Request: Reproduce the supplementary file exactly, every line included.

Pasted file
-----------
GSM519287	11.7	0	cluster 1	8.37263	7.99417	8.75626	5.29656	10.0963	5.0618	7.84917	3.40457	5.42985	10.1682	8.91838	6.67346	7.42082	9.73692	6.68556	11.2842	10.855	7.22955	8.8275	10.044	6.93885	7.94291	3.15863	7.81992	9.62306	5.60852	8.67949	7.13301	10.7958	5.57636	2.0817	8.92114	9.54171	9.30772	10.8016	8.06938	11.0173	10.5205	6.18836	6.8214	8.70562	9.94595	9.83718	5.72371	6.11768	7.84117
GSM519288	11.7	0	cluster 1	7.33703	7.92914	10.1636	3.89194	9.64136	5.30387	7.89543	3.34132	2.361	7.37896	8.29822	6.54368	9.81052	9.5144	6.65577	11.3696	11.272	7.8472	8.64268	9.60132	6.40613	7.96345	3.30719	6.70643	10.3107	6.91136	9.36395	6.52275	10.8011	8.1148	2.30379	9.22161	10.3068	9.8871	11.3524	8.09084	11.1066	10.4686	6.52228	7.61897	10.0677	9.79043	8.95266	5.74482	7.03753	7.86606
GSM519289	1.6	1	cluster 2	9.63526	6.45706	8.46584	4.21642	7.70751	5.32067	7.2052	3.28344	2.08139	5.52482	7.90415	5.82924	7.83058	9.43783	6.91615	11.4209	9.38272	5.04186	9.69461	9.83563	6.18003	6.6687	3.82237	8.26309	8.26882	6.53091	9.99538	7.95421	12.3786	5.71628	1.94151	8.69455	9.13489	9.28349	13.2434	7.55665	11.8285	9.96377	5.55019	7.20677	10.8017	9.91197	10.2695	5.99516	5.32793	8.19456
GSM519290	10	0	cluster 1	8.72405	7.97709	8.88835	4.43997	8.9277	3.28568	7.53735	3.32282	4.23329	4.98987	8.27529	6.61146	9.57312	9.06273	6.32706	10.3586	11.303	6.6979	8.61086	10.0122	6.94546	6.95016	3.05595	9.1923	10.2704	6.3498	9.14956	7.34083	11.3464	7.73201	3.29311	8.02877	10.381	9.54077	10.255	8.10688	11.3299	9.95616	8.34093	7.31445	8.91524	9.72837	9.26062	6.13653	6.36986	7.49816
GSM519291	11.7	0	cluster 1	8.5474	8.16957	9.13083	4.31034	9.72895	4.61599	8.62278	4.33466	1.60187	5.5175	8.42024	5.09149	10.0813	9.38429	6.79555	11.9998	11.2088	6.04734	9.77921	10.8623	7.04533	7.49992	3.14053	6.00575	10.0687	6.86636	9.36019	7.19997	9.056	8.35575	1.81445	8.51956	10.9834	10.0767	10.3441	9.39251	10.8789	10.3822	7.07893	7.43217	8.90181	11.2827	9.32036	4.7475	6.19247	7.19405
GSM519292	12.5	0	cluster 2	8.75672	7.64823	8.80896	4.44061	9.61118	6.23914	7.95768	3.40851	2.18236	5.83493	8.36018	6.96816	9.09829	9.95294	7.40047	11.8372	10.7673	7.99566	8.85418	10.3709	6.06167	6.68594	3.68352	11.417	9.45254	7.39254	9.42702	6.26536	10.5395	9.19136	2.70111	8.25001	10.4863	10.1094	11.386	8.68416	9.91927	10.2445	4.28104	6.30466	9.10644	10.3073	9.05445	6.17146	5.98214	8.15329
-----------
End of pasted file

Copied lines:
GSM519287	11.7	0	cluster 1	8.37263	7.99417	8.75626	5.29656	10.0963	5.0618	7.84917	3.40457	5.42985	10.1682	8.91838	6.67346	7.42082	9.73692	6.68556	11.2842	10.855	7.22955	8.8275	10.044	6.93885	7.94291	3.15863	7.81992	9.62306	5.60852	8.67949	7.13301	10.7958	5.57636	2.0817	8.92114	9.54171	9.30772	10.8016	8.06938	11.0173	10.5205	6.18836	6.8214	8.70562	9.94595	9.83718	5.72371	6.11768	7.84117
GSM519288	11.7	0	cluster 1	7.33703	7.92914	10.1636	3.89194	9.64136	5.30387	7.89543	3.34132	2.361	7.37896	8.29822	6.54368	9.81052	9.5144	6.65577	11.3696	11.272	7.8472	8.64268	9.60132	6.40613	7.96345	3.30719	6.70643	10.3107	6.91136	9.36395	6.52275	10.8011	8.1148	2.30379	9.22161	10.3068	9.8871	11.3524	8.09084	11.1066	10.4686	6.52228	7.61897	10.0677	9.79043	8.95266	5.74482	7.03753	7.86606
GSM519289	1.6	1	cluster 2	9.63526	6.45706	8.46584	4.21642	7.70751	5.32067	7.2052	3.28344	2.08139	5.52482	7.90415	5.82924	7.83058	9.43783	6.91615	11.4209	9.38272	5.04186	9.69461	9.83563	6.18003	6.6687	3.82237	8.26309	8.26882	6.53091	9.99538	7.95421	12.3786	5.71628	1.94151	8.69455	9.13489	9.28349	13.2434	7.55665	11.8285	9.96377	5.55019	7.20677	10.8017	9.91197	10.2695	5.99516	5.32793	8.19456
GSM519290	10	0	cluster 1	8.72405	7.97709	8.88835	4.43997	8.9277	3.28568	7.53735	3.32282	4.23329	4.98987	8.27529	6.61146	9.57312	9.06273	6.32706	10.3586	11.303	6.6979	8.61086	10.0122	6.94546	6.95016	3.05595	9.1923	10.2704	6.3498	9.14956	7.34083	11.3464	7.73201	3.29311	8.02877	10.381	9.54077	10.255	8.10688	11.3299	9.95616	8.34093	7.31445	8.91524	9.72837	9.26062	6.13653	6.36986	7.49816
GSM519291	11.7	0	cluster 1	8.5474	8.16957	9.13083	4.31034	9.72895	4.61599	8.62278	4.33466	1.60187	5.5175	8.42024	5.09149	10.0813	9.38429	6.79555	11.9998	11.2088	6.04734	9.77921	10.8623	7.04533	7.49992	3.14053	6.00575	10.0687	6.86636	9.36019	7.19997	9.056	8.35575	1.81445	8.51956	10.9834	10.0767	10.3441	9.39251	10.8789	10.3822	7.07893	7.43217	8.90181	11.2827	9.32036	4.7475	6.19247	7.19405
GSM519292	12.5	0	cluster 2	8.75672	7.64823	8.80896	4.44061	9.61118	6.23914	7.95768	3.40851	2.18236	5.83493	8.36018	6.96816	9.09829	9.95294	7.40047	11.8372	10.7673	7.99566	8.85418	10.3709	6.06167	6.68594	3.68352	11.417	9.45254	7.39254	9.42702	6.26536	10.5395	9.19136	2.70111	8.25001	10.4863	10.1094	11.386	8.68416	9.91927	10.2445	4.28104	6.30466	9.10644	10.3073	9.05445	6.17146	5.98214	8.15329